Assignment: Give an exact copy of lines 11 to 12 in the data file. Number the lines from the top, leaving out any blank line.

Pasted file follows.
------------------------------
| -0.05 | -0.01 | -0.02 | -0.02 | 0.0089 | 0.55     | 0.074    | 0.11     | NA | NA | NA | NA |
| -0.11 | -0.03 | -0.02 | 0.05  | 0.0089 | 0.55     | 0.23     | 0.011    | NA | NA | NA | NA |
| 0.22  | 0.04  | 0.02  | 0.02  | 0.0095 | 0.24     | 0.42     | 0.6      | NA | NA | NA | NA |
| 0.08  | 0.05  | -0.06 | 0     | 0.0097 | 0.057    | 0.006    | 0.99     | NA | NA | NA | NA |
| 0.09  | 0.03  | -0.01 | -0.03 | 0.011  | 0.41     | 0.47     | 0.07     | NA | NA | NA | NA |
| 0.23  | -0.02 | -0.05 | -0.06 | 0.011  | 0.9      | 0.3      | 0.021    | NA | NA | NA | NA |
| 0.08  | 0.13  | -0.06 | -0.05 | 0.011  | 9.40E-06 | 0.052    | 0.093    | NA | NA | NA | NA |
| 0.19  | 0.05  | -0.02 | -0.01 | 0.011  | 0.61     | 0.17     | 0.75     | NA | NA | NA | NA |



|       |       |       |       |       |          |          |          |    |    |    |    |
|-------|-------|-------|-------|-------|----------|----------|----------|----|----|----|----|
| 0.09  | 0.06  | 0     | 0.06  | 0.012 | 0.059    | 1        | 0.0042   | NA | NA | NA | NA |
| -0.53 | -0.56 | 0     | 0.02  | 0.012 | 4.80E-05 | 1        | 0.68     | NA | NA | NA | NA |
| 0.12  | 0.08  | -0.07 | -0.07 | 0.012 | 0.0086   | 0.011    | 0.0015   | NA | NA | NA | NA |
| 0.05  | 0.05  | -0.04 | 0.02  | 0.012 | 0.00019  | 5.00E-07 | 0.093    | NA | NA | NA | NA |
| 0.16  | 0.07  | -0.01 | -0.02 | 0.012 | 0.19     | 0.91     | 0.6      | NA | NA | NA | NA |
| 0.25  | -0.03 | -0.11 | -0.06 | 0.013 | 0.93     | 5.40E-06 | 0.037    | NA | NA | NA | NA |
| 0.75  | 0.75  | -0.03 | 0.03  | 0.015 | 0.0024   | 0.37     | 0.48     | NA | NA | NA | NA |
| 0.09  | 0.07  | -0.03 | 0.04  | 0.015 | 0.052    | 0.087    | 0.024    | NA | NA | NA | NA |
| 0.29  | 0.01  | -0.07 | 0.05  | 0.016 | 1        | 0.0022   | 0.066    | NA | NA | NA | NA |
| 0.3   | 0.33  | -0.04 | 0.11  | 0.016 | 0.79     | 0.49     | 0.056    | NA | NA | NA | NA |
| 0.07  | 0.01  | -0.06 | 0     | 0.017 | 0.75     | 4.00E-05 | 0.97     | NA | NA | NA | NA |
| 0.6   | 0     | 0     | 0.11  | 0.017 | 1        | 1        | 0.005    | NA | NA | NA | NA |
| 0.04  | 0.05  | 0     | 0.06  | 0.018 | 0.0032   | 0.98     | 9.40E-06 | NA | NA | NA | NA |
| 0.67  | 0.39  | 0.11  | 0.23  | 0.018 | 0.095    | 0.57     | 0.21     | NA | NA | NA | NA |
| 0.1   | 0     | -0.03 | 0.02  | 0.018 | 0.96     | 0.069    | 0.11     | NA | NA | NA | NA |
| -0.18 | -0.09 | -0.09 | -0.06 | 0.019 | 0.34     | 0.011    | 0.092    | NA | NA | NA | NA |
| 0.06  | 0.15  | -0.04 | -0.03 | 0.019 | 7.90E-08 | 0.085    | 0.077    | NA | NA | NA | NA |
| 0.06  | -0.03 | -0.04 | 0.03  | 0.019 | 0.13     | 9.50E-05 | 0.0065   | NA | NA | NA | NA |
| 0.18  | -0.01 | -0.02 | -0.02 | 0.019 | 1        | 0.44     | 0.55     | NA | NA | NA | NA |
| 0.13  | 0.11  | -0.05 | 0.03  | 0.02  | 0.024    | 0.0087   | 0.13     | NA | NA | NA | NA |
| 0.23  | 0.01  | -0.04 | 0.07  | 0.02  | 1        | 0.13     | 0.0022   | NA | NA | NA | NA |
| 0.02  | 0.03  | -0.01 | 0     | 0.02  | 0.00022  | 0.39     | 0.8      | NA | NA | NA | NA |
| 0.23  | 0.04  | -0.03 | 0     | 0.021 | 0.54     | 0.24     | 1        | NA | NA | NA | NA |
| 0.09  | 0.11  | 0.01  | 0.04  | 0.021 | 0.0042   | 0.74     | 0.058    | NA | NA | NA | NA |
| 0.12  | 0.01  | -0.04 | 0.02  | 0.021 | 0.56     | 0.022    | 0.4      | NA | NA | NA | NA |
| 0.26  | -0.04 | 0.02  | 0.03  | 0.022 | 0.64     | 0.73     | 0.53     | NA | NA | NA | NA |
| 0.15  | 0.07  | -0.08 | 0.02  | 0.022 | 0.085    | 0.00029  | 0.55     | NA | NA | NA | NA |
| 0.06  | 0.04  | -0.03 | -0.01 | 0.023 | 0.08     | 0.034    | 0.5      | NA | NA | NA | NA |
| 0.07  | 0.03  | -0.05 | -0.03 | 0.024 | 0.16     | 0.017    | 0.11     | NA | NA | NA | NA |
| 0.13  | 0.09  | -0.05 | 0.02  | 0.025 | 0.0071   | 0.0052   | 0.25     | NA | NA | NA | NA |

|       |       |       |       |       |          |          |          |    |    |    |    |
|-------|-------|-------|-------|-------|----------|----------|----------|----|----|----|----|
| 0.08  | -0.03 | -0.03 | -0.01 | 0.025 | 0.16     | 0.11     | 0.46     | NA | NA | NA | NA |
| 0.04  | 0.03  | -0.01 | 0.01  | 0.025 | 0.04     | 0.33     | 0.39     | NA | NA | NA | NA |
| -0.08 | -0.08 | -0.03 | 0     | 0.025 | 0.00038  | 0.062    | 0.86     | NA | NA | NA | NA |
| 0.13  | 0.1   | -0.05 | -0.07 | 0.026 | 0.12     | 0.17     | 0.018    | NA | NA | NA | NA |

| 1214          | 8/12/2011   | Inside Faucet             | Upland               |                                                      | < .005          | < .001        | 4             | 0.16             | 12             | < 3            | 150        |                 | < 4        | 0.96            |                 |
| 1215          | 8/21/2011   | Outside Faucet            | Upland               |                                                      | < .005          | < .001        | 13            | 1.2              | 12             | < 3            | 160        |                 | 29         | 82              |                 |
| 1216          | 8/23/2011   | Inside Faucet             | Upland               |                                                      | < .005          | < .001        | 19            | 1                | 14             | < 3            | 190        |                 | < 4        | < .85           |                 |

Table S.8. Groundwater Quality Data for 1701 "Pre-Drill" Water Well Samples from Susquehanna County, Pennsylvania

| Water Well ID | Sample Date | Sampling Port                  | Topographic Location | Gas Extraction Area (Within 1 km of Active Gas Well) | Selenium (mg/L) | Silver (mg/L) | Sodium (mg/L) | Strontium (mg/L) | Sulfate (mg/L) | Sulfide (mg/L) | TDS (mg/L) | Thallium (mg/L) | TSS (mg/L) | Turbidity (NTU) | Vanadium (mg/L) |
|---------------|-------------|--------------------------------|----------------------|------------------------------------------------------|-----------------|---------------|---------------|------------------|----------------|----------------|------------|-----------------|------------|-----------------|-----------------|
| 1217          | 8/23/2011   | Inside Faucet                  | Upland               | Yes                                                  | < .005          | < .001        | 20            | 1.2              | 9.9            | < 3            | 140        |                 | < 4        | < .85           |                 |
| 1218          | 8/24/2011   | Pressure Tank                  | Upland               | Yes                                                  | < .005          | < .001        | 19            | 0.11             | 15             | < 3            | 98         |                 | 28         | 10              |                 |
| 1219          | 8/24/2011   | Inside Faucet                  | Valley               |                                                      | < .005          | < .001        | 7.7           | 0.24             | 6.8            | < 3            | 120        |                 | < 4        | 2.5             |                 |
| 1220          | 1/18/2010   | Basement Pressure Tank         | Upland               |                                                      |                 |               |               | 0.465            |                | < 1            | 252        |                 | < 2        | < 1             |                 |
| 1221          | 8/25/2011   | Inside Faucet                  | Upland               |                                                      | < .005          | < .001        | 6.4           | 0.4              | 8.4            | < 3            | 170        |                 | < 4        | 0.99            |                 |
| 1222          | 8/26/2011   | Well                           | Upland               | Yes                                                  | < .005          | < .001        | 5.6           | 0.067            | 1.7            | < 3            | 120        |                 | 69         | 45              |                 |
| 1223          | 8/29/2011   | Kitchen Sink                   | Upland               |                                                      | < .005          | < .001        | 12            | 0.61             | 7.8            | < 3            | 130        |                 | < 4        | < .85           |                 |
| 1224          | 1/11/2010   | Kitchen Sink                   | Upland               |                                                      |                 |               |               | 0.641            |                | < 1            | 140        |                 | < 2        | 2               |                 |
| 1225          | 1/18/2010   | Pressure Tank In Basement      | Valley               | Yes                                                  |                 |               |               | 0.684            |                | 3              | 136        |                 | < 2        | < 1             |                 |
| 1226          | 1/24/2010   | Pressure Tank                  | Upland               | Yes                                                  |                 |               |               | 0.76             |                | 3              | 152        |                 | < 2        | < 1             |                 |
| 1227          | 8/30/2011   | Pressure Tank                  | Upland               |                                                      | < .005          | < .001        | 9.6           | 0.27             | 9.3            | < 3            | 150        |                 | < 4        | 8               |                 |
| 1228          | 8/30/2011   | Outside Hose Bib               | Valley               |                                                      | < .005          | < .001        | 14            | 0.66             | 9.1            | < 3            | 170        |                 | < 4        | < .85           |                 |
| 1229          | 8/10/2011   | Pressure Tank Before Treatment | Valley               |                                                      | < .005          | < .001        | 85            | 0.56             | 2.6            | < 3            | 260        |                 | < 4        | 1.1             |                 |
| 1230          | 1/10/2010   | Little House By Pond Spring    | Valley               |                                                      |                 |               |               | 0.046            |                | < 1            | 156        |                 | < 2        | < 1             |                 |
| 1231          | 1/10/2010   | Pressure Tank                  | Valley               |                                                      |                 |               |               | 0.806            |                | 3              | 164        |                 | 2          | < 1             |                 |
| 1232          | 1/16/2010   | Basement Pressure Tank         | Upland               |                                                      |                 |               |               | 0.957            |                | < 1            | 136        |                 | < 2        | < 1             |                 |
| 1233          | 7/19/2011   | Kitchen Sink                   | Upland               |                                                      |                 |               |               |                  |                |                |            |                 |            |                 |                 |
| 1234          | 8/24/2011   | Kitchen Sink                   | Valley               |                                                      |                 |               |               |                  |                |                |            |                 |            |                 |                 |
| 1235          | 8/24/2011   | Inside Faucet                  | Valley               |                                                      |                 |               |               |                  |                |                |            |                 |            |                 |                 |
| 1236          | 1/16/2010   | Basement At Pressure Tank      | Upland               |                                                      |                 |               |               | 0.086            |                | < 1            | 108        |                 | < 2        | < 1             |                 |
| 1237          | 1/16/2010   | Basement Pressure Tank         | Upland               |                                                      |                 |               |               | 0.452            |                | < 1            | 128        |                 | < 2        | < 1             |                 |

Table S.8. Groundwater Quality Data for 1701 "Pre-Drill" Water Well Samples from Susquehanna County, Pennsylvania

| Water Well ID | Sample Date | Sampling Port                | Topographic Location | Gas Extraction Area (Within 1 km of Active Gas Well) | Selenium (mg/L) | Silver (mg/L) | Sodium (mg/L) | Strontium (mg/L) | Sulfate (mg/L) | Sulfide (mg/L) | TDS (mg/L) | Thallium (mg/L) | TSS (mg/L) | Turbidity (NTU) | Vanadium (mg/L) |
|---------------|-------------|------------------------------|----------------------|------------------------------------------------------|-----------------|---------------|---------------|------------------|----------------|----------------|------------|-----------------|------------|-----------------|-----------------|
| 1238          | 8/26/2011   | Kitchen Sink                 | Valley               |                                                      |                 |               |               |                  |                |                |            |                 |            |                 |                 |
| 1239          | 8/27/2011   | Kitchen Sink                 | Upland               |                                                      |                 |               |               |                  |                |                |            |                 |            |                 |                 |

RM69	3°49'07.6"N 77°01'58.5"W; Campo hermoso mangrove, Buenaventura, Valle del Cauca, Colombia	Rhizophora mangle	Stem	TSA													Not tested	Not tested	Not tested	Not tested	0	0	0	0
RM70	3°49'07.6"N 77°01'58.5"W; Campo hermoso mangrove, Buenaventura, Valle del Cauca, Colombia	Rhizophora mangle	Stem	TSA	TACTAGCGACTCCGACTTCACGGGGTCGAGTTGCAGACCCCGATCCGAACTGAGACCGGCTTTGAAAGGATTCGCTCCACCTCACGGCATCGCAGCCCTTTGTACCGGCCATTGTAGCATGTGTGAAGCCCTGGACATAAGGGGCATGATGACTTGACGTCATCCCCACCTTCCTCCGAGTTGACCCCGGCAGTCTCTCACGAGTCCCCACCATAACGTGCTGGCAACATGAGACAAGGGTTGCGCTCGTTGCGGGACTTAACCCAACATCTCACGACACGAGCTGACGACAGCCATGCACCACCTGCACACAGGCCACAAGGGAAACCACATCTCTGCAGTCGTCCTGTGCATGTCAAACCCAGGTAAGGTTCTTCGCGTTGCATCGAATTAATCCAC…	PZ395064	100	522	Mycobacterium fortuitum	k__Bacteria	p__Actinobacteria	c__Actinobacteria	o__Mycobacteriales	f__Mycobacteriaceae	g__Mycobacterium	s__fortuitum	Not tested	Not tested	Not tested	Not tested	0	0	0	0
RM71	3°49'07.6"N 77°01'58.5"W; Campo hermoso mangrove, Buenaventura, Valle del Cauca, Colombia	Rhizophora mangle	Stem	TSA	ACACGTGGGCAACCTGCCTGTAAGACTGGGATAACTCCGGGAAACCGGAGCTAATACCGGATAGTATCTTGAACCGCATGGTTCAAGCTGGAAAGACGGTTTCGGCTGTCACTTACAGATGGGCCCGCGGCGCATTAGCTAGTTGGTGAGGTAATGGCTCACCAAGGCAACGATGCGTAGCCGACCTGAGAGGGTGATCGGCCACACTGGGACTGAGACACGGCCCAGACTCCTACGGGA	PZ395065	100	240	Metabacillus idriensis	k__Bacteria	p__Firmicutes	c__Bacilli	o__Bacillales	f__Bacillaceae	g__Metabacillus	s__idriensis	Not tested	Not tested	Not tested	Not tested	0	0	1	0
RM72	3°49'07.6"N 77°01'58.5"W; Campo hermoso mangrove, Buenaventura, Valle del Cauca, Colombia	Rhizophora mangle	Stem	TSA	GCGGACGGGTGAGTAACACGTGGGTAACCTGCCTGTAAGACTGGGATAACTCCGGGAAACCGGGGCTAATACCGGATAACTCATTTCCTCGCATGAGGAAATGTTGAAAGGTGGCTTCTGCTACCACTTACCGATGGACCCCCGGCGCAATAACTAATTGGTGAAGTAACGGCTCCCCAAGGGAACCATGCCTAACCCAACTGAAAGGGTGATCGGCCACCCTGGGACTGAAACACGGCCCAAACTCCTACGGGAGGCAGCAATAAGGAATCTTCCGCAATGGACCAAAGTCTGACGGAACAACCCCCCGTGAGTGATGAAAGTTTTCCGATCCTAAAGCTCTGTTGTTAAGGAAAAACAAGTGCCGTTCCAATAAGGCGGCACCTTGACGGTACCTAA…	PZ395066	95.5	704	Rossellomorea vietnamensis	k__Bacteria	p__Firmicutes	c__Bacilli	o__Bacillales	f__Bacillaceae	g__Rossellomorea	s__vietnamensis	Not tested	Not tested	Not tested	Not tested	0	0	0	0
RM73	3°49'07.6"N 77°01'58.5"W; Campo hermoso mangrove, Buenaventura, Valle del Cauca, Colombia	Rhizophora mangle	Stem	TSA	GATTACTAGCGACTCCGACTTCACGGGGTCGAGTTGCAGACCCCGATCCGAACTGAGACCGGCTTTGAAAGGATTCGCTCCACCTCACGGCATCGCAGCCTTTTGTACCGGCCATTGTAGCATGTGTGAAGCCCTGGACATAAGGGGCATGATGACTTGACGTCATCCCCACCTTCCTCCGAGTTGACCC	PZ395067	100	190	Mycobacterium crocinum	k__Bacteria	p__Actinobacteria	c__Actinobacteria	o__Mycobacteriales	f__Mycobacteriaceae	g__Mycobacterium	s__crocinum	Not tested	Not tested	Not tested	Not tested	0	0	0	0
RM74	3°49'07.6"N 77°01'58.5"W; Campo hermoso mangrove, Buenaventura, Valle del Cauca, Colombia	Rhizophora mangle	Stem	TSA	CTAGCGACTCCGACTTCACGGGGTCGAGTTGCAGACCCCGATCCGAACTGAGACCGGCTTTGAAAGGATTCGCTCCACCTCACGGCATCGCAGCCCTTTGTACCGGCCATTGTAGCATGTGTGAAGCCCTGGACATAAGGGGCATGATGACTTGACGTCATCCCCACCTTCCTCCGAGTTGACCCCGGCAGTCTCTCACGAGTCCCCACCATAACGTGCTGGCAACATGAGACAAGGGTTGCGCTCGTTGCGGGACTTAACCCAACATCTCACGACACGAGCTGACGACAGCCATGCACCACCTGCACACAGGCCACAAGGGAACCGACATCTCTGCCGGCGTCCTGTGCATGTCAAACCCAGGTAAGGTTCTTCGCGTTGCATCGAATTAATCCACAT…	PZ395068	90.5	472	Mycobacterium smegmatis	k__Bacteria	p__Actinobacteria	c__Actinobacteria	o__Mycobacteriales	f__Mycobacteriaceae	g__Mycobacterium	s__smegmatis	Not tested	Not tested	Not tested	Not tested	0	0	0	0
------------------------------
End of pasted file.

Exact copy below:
| 0.09  | 0.06  | 0     | 0.06  | 0.012 | 0.059    | 1        | 0.0042   | NA | NA | NA | NA |
| -0.53 | -0.56 | 0     | 0.02  | 0.012 | 4.80E-05 | 1        | 0.68     | NA | NA | NA | NA |